Find out the latest indie author news. For FREE.


Lorenzo DeStefano
"HOUSE BOY” is a contemporary thriller set in Southern India and in the polite suburb of Hendon, North London. At 321 Finchley Lane, ancient traditions take root and prosper in our so-called civilized society. The lives of a boy from rural India, Vijay Pallan, and an Indo-British woman and her son, Binda and Ravi Tagorstani, collide as if decreed by history. Through Vijay, we experience the shocking realities of modern slavery, the human spirit’s boundless capacity for pain, and the ultimate blessing of one young man’s redemption and survival.
DeStefano’s novel about human trafficking and atrocities is a horrifying tale of cruelty in the name of caste, ranging from Southern India to suburban London. Vijay Pallan, a Dalit–or “untouchable”–boy from Tamil Nadu, a rural state in southern India, goes to Chennai searching for a job to earn money for his sisters’ dowry. In Chennai, he falls into the clutches of Santhana Gopalan who works for a dubious agency that “supplies” household staff to rich Indian families in Britain. Vijay is elated at the prospect of more prosperous times for him and his family but on reaching the household of Binda Tagorstani, he finds the conditions are inhumane and atrocious.

DeStefano exposes, with empathy and striking prose, the slavery, assault, and general horror visited upon the poor not just in India but persisting in western cities just out of sight. Still, readers familiar with Indian life and culture may find some details distracting, especially in the Tamil Nadu sequences. The title character is called Vijay Pallan, though it’s unlikely someone from the Dalit community would add their caste to their name for the simple reason that they don’t want to be discriminated against, and the portrayal of Vijay’s family and their poverty lacks dimension. Vijay’s desperation and fear, though, are persuasive, and the manner in which he’s seduced (“we feel an obligation to offer certain exceptional individuals like yourself the option of working abroad”) into leaving his country is chilling.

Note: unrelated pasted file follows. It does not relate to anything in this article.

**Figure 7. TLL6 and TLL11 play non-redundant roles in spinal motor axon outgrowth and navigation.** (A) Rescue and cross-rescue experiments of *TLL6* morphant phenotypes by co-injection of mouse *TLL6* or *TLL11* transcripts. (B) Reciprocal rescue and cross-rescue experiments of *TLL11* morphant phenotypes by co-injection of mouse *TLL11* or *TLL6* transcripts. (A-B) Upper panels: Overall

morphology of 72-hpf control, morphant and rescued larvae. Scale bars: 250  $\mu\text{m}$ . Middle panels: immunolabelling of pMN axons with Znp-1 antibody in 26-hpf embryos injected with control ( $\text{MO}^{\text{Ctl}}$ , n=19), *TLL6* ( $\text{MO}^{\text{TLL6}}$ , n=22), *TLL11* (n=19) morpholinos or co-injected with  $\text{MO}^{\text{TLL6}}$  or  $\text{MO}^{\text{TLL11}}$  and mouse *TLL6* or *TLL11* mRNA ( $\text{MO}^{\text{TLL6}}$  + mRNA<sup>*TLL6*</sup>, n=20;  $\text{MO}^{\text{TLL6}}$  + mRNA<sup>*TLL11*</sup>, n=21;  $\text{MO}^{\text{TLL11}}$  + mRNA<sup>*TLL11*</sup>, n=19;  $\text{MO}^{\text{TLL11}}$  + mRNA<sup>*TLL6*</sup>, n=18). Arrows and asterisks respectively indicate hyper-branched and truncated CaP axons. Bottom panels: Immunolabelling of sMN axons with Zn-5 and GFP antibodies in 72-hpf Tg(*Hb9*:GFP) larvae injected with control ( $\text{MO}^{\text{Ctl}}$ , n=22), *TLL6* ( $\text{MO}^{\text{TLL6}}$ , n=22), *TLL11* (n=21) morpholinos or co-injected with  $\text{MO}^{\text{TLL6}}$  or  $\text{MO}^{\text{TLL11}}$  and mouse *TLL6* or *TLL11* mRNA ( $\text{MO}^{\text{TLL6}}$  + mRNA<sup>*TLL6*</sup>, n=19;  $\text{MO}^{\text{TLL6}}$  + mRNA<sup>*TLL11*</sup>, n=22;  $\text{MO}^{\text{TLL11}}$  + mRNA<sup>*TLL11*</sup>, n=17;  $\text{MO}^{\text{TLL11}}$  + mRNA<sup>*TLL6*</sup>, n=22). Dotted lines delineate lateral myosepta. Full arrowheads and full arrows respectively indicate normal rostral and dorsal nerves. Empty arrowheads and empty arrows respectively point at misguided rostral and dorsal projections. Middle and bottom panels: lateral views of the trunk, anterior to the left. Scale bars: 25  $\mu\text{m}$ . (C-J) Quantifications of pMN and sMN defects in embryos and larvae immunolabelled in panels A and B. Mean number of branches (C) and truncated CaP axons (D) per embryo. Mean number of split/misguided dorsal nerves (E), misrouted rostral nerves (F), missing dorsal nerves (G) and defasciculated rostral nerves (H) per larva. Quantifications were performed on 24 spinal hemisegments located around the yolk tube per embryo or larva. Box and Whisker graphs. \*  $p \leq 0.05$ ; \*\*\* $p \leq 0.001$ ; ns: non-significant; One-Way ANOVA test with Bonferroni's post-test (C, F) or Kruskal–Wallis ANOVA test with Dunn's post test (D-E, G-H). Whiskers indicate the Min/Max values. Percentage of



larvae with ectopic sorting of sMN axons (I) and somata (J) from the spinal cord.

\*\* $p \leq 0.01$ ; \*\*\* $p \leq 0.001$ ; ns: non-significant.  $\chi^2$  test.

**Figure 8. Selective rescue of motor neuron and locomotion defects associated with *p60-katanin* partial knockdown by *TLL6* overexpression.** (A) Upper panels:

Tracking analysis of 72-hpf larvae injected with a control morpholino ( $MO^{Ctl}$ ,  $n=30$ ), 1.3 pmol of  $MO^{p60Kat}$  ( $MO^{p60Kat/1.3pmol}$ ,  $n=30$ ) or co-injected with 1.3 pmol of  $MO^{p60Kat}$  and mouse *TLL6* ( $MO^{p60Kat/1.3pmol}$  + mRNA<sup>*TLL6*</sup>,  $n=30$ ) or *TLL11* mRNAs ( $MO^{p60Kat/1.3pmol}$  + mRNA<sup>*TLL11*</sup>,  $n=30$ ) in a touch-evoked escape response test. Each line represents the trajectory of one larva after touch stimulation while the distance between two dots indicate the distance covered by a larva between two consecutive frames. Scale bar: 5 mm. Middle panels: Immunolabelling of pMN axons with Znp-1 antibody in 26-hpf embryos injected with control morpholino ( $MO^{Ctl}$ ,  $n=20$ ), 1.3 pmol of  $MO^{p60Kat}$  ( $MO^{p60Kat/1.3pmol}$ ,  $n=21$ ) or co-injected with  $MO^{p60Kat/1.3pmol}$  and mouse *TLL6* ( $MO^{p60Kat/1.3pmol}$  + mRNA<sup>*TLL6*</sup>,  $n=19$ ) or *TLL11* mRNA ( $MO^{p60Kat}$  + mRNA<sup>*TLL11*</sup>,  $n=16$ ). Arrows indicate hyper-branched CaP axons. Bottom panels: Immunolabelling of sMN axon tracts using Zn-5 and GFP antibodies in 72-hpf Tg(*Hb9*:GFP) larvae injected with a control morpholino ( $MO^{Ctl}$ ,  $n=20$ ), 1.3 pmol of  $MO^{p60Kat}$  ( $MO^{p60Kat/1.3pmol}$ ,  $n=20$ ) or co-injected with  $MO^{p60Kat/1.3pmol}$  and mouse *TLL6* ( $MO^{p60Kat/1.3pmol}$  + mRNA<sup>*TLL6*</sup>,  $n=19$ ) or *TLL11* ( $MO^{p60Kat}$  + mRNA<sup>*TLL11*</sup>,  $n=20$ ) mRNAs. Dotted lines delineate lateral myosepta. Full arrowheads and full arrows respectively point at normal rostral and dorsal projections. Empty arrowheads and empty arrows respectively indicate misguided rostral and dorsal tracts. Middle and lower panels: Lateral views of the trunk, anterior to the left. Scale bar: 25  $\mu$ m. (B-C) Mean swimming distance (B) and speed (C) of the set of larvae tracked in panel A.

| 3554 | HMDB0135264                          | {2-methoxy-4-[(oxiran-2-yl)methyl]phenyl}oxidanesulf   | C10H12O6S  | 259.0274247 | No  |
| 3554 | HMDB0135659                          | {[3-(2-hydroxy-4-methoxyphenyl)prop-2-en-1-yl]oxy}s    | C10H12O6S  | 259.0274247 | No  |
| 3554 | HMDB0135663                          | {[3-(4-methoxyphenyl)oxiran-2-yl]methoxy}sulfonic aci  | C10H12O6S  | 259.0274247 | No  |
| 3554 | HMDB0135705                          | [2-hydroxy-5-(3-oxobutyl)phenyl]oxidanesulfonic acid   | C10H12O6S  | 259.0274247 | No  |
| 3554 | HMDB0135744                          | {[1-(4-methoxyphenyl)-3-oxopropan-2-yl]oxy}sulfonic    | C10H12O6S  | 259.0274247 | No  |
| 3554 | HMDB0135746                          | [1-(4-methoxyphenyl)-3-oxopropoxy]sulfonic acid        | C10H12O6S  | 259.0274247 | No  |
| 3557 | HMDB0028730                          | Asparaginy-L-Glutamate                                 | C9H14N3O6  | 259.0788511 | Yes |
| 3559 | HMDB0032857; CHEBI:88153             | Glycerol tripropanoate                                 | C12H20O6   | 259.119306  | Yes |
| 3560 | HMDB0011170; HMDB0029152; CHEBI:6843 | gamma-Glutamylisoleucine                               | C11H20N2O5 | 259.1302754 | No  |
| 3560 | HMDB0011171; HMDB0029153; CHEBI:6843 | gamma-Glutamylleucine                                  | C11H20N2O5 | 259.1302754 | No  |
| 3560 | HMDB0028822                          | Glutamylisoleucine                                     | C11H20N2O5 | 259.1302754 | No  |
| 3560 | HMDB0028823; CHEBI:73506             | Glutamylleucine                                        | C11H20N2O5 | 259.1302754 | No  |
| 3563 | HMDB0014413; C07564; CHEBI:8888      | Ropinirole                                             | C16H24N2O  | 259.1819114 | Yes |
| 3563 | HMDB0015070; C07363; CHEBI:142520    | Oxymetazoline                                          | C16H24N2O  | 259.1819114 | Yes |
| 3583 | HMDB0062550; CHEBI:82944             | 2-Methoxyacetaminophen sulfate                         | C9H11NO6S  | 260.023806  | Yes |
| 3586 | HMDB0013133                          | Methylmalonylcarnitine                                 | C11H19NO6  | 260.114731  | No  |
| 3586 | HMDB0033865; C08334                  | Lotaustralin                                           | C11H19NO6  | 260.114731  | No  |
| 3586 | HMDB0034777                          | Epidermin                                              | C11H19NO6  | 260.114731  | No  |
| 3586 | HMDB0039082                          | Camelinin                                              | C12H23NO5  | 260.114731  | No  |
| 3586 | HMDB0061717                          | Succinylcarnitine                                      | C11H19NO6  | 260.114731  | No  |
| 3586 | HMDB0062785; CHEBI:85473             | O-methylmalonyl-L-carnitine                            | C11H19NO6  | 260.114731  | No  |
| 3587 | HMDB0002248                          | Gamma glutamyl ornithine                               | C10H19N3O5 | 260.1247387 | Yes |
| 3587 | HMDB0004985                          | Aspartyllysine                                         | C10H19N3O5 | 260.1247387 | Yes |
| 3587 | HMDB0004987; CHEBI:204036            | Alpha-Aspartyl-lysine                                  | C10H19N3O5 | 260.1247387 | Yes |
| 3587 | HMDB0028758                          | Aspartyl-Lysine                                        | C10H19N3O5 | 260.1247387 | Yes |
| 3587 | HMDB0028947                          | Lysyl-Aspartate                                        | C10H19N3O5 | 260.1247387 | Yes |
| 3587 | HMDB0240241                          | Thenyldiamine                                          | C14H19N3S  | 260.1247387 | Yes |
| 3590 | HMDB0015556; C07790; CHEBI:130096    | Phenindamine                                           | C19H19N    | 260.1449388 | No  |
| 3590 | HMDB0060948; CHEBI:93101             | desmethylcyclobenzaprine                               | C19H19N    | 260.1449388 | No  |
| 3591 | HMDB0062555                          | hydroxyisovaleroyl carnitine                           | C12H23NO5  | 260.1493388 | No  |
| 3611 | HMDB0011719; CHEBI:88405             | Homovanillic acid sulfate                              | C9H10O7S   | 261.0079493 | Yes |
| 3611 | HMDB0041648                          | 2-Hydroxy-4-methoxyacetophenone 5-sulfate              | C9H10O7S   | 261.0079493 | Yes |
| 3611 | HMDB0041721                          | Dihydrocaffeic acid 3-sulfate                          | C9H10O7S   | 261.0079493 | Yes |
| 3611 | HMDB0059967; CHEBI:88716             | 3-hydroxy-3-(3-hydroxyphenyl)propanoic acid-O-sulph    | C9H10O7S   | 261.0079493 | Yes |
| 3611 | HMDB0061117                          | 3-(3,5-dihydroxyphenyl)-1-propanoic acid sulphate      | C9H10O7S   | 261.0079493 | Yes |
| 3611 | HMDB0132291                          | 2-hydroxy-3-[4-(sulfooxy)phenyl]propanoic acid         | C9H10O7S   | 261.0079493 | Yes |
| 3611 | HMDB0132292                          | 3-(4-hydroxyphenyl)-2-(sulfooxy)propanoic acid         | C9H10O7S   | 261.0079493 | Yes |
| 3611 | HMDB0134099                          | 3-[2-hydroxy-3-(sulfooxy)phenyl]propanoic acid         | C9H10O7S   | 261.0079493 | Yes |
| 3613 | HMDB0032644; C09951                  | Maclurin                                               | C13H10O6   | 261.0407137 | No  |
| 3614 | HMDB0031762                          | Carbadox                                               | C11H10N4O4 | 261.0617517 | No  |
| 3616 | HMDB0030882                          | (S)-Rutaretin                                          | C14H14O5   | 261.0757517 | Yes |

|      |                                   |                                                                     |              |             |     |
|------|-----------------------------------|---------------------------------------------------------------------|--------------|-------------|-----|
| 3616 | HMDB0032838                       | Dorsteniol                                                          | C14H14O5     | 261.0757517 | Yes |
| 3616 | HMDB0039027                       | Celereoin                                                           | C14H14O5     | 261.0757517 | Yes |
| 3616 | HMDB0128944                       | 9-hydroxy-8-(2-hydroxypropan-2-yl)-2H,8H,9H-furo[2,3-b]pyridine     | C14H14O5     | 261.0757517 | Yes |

But once the narrative shifts to Britain, the novel stands on firmer–and more convincing– ground. DeStefano’s depiction of Vijay’s long hours of work, near-starvation, and humiliation at the hands of Binda and her son Ravi—as well as Vijay’s crime—starkly highlight the power dynamics between the oppressor and oppressed. In tense courtroom scenes the reader is treated to some scintillating dialogue.

Takeaway: Ranging from India to London, this saga of international human enslavement is an intense, revealing read.

Great for fans of: Brenda Barrett’s The Pull of Freedom, Ailish Sinclair’s Fireflies and Chocolate.

Production grades
Cover: B+
Design and typography: A
Illustrations: N/A
Editing: A
Marketing copy: A